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The U.S. Department of Housing and Urban Development says 62% of homeless are sleeping on streets.

STAFF PHOTO: ZANE SPARLING - A person sitting in downtown Portland holds a sign asking for help as a homeless veteran.  More than half of Oregon's homeless spend each night without safe haven or harbor.

Statewide, 62 percent of the homeless population was found to be living in unsheltered conditions at last count — including everything from makeshift camps to parked cars or crowded city sidewalks.

That means Oregon ranks second across the nation for unsheltered homeless, topped only by California.

The findings, included in the 2018 annual Homeless Assessment Report by the U.S. Department of Housing and Urban Development, cast a ray of gloom on what was otherwise a banner year for announcements of affordable housing projects and cheerleading by local officials.

"It doesn't surprise me at all," said Brandi Tuck, executive director of Portland Homeless Family Solutions. "We continue to not have enough for all the families and people who need a place to live."

Tuck cautions that HUD's calculations rely on Point in Time counts — totals amassed by squads of volunteers over the course of 24 hours that may not be completely accurate. The federal government's numbers could be skewed by the lack of a Point in Time count this year in Multnomah County, Oregon's most populous county, as well.

She also blames HUD for a "disinvestment" in housing projects that began in the 1980s.

"We are going to continue to struggle until we have a federal solution to help the whole country out of this challenge," Tuck said. "As much as we want him to, (Portland Mayor) Ted Wheeler cannot solve this problem by himself."

A spokesman for the Joint Office of Homeless Services, which partners with Portland and Multnomah County, said the local 2017 Point in Time count actually found a 15 percent decrease in the number of homeless since 2015.

The spokesman, Denis Theriault, highlights that 6,000 people exited homelessness the last fiscal year due to the group's efforts.

"Oregon's numbers would look worse if not for Portland and Multnomah County's work in recent years to double shelter capacity," he said. "But even shelters aren't an answer if people staying in them struggle to leave because they can't afford the rent, even with jobs or disability payments."

While homelessness in Oregon is most frequently associated with Portland, the state's largest city, and Multnomah County, which includes both most of Portland and several lower-income cities like Gresham and Troutdale, suburban and rural areas in places like Washington County are also grappling with the issue.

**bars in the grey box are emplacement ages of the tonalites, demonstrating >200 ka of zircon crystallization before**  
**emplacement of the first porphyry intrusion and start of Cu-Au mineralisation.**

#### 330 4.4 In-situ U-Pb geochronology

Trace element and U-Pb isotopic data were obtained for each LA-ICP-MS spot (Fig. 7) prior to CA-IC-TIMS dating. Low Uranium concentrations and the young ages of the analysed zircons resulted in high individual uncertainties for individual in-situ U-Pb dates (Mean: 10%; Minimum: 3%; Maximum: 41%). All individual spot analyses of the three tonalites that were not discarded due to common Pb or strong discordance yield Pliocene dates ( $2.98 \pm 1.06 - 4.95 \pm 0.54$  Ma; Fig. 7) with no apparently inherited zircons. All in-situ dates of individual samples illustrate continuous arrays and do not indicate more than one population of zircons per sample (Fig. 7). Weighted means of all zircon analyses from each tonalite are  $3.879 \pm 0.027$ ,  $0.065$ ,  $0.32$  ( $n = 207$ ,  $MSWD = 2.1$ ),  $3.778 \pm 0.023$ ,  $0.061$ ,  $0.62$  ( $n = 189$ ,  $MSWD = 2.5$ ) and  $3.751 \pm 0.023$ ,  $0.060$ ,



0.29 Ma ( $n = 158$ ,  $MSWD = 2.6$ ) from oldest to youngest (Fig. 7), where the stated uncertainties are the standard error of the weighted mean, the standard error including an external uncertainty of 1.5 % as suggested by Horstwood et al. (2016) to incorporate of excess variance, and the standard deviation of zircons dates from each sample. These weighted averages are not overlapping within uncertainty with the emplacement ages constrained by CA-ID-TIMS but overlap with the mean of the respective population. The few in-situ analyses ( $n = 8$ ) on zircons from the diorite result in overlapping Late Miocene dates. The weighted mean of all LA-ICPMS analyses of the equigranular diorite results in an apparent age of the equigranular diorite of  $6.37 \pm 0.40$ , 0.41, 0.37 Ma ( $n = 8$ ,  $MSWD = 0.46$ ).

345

Washington County, which is second in population in the state to neighboring Multnomah County, recently wrapped up an ambitiously named 10-year "plan to end homelessness." But county officials acknowledged in late 2017, midway through the 10-year plan's final year, that while homelessness in Washington County has not increased during that time, in the words of program coordinator Annette Evans, "It's not appreciably getting better."

Overnight shelters run by local churches and supported by Washington County are open during the winter months in Hillsboro, Forest Grove, Cornelius, Beaverton and other local cities. The most robust is the Shelter at Orenco Station (SOS), which is open for 90 straight days from December through February at Sonrise Church, 6701 N.E. Campus Way in Hillsboro.

The Forest Grove United Church of Christ and Emanuel Lutheran Church in Cornelius each also host shelter two nights per week, on Mondays and Tuesdays in Forest Grove and Wednesdays and Thursdays in Cornelius, from November through March.

Highlights from the federal report

• Oregon has an estimated homeless population of 14,476. The only states with higher tallies are California with 129,972, New York with 91,897, Florida with 31,030, Texas with 25,310, Washington state with 22,304 and Massachusetts with 20,068.

• The number of homeless living in Oregon has increased by 12.8 percent — or 1,268 people — since 2007.

• During the last count, 56 percent of homeless veterans were considered unsheltered.

• Of those considered to be chronically homeless in Oregon, 78.5 percent or 3,151 were unsheltered.

Tuck cautions that the HUD's calculations rely on Point in Time counts — totals amassed by squads of volunteers over the course of 24 hours that may not be completely accurate. The feds' numbers could be skewed by the lack of a Point in Time count this year in Multnomah County as well.

She also blames HUD for a "disinvestment" in housing projects that began in the 1980s.

"We are going to continue to struggle until we have a federal solution to help the whole country out of this challenge," Tuck said. "As much as we want him to, Ted Wheeler can not solve this problem by himself."

A spokesman for the Joint Office of Homeless Services, which partners Portland and Multnomah County, said the local 2017 Point in Time count actually found a 15 percent decrease in the number of homeless since 2015.

The spokesman, Denis Theriault, highlights that 6,000 people exited homelessness last fiscal year due to the group's efforts: "Oregon's numbers would look worse if not for Portland and Multnomah County's work in recent years to double shelter capacity," he said.

"But even shelters aren't an answer if people staying in them struggle to leave because they can't afford the rent, even with jobs or disability payments."

Mark Miller and Peter Wong contributed to this report.


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